Campus EMS provides student safety

Campus EMS provides student safety

For the past 20 years, Wake Forest’s on campus Emergency Medical Services (EMS) has provided students with quick-response medical attention 24 hours a day, seven days a week.

Responding to hundreds of calls a year, Emergency Medical Technicians (EMTs) are fully trained and equipped to handle anything from sport injuries, to intoxication, to nausea.

Along with the faculty advisor and associate director of student health Darren Aaron, WFEMS is run by trained student volunteers, both undergraduates and graduates. The presence of this service on campus is beneficial to everyone; student EMTs get practice handling medical emergencies, and sick or injured students, faculty, visitors and community members can receive immediate medical attention should they require it.

“Having students here that have the trained medical skills to provide for that need works wonders,” said senior Matthew Yeager, who was elected Chief by his peers this year. Contrary to popular belief, EMTs frequently deal with situations other than intoxication; only 40 percent of calls are alcohol-related emergencies. “We run the whole gamut. Last year, we ran close to 300 calls and we’re on track to beat that this year,” Aaron said.

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Training and Equipment Captain Alison Hoffer says that being located on campus allows them to reach patients much faster than other agencies. “Those few extra minutes can make a big difference in patient care and well being,” she said. “Being on campus also gives us an opportunity to reach out to the school community about medical safety and help inform students about the risks of certain behaviors.”

Most, but not all, students become EMTs if they are interested in entering a healthcare profession. For Yeager and Hoffer, participating in WFEMS affirmed their desires to go into the medical field. “EMS also gives us the opportunity to volunteer on campus and give back to our community, as well as to work with other student organizations and network with Campus Police, Wake Forest administrators and county paramedics,” said Hoffer. 

Students can become part of the WFEMS team as early as their freshman year if they are EMT certified. If a student is interested in getting involved and has not taken an EMT certification class, he or she can begin by attending meetings and doing ride-alongs, which allow students to begin unofficial training through observational learning. Once they are certified, however, students can begin to actually have direct interactions with patients as probationary members. After a period of training and assessment, “probies” can become full members. During training, EMTs participate in driver training, radio protocols, standard operating procedures, in addition to an all day training session once per semester. However, training is never complete for any member of the team; they are constantly refining skills and developing new skills.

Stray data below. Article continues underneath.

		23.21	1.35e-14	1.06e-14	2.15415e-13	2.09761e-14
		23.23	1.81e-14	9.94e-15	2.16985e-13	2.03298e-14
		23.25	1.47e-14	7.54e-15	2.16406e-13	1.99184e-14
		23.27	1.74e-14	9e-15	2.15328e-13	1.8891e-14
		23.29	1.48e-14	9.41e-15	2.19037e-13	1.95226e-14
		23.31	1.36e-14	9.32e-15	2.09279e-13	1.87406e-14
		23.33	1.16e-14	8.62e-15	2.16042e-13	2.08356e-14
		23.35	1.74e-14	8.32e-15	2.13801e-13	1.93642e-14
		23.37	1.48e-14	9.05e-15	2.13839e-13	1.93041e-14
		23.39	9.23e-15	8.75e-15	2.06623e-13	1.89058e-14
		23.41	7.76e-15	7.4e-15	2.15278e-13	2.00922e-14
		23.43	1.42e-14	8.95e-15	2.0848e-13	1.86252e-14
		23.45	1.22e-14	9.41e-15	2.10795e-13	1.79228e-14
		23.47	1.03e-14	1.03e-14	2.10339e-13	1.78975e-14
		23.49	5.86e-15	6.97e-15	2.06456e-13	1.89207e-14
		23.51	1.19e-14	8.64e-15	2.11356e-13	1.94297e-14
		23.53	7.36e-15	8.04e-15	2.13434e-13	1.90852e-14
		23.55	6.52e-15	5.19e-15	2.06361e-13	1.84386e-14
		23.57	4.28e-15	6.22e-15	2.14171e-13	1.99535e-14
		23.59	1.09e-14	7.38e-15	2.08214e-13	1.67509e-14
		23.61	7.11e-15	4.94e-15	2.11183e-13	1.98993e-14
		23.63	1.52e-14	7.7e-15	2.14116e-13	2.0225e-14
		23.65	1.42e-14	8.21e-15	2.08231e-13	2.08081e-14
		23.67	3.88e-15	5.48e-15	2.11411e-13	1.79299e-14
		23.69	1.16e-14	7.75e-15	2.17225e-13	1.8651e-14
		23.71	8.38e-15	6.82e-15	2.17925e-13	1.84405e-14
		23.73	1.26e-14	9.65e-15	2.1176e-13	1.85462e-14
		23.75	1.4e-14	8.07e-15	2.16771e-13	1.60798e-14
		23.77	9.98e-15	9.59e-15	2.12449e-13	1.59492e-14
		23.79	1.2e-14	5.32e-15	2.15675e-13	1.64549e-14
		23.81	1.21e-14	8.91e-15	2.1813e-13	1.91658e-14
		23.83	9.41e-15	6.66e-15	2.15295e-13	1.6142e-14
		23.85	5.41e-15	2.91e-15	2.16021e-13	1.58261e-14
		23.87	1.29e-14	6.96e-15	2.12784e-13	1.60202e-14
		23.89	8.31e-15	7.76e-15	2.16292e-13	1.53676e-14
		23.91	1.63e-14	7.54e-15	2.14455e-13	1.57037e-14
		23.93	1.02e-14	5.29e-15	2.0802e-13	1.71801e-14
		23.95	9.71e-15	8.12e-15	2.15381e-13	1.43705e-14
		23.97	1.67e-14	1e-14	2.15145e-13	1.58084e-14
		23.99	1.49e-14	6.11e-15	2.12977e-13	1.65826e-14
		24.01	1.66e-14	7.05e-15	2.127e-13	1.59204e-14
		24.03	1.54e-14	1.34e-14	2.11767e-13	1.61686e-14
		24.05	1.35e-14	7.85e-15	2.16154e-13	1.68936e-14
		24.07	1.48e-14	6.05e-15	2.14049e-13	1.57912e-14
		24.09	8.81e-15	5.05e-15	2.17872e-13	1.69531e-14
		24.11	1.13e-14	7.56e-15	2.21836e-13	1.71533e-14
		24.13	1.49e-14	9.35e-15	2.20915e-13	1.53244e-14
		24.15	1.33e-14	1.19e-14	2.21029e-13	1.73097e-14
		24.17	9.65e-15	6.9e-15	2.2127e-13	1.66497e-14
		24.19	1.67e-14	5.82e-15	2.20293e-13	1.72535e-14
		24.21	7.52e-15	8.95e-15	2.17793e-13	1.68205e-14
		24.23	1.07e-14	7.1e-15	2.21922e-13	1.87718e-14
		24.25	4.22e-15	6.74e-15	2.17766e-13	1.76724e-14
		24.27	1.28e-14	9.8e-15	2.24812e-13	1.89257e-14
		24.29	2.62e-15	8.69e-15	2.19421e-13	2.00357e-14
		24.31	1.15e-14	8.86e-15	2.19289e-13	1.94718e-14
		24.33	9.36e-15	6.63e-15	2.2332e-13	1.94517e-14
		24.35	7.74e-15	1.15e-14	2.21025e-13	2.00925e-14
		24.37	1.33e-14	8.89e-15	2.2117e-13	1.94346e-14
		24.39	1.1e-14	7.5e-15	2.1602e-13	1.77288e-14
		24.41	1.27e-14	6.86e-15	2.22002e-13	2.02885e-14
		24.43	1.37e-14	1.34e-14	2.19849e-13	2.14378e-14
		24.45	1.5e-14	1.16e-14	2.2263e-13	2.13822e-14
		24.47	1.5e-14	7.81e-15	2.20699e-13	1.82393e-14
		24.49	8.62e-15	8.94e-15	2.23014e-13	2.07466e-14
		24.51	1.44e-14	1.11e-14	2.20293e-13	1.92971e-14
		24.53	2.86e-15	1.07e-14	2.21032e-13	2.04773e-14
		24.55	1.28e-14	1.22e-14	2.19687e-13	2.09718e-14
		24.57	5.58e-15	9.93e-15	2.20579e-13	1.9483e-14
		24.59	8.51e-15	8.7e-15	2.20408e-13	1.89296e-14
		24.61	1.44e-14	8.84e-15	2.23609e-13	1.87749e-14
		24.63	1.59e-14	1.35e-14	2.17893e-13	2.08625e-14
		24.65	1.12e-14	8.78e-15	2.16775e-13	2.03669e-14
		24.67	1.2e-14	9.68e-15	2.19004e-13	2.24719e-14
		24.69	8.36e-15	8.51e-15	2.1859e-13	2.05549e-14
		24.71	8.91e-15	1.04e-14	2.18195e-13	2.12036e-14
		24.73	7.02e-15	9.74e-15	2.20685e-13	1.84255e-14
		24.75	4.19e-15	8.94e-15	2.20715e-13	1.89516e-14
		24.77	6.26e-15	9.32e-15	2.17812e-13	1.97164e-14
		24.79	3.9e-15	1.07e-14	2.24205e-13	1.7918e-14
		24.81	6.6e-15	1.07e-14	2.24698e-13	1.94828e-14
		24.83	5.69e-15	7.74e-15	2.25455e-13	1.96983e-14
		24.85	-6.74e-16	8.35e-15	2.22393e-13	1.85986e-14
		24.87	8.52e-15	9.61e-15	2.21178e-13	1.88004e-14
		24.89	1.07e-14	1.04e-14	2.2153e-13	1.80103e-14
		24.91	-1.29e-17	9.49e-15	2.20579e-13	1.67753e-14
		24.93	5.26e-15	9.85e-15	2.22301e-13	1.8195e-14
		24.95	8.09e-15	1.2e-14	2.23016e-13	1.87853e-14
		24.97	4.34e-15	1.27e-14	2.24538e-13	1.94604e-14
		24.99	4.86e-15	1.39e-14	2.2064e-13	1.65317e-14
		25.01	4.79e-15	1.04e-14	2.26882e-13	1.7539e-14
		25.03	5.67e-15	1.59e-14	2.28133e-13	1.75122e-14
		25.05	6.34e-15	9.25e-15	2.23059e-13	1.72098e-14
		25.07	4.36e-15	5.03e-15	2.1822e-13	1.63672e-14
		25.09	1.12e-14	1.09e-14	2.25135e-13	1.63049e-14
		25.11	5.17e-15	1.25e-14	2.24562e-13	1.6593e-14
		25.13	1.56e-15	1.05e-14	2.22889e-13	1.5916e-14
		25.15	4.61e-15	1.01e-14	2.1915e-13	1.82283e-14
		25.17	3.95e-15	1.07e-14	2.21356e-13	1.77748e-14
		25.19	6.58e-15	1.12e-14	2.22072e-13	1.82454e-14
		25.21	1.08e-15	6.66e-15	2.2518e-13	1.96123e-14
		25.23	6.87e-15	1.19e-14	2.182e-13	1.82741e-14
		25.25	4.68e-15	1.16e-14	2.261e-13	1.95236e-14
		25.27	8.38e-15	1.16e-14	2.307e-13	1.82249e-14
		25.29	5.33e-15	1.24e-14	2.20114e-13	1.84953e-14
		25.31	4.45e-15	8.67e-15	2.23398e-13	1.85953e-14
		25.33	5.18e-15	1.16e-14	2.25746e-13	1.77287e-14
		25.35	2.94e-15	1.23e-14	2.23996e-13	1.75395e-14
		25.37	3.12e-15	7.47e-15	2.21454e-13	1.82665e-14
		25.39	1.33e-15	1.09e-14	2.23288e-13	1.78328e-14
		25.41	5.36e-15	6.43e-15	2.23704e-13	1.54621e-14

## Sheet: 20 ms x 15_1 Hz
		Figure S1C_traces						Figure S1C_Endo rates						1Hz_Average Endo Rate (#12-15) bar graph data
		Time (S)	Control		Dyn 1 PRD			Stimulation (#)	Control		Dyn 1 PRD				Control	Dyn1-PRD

Upon arriving on a scene of emergency, EMTs quickly assess the situation, check patient vital signs and decide upon a course of action. Depending on the severity of the emergency, patients are treated at the original location, driven to Student Health Services by one of the WFEMS emergency transport vehicles or taken to a hospital by a Forsyth County ambulance. Being able to translate textbook knowledge to real-life situations and achieving patient trust is vital.

“Gaining confidence is also essential in becoming a great EMT,” Aaron said.

Freshman EMT Taylor Manthey has enjoyed her time being part of the team thus far. She is a “probie” and looks forward to gaining enough experience to become a full member.

“We share in each other’s victories, excitement, and disappointments, and we support each other in ways that I’ve never experienced before,” Manthey said.

Aaron, who works closely with students, agrees with Manthey in regards to the quality of EMT members.

“I work with a great group of students. I get the cream of the crop,” Aaron said. “I love watching their passion and their dedication to helping each other and helping their fellow students. It makes me feel good all day.”

Regardless of the time of day, nature of the emergency or severity of the illness or injury, student EMTs are willing and equipped to take care of the Wake Forest community.

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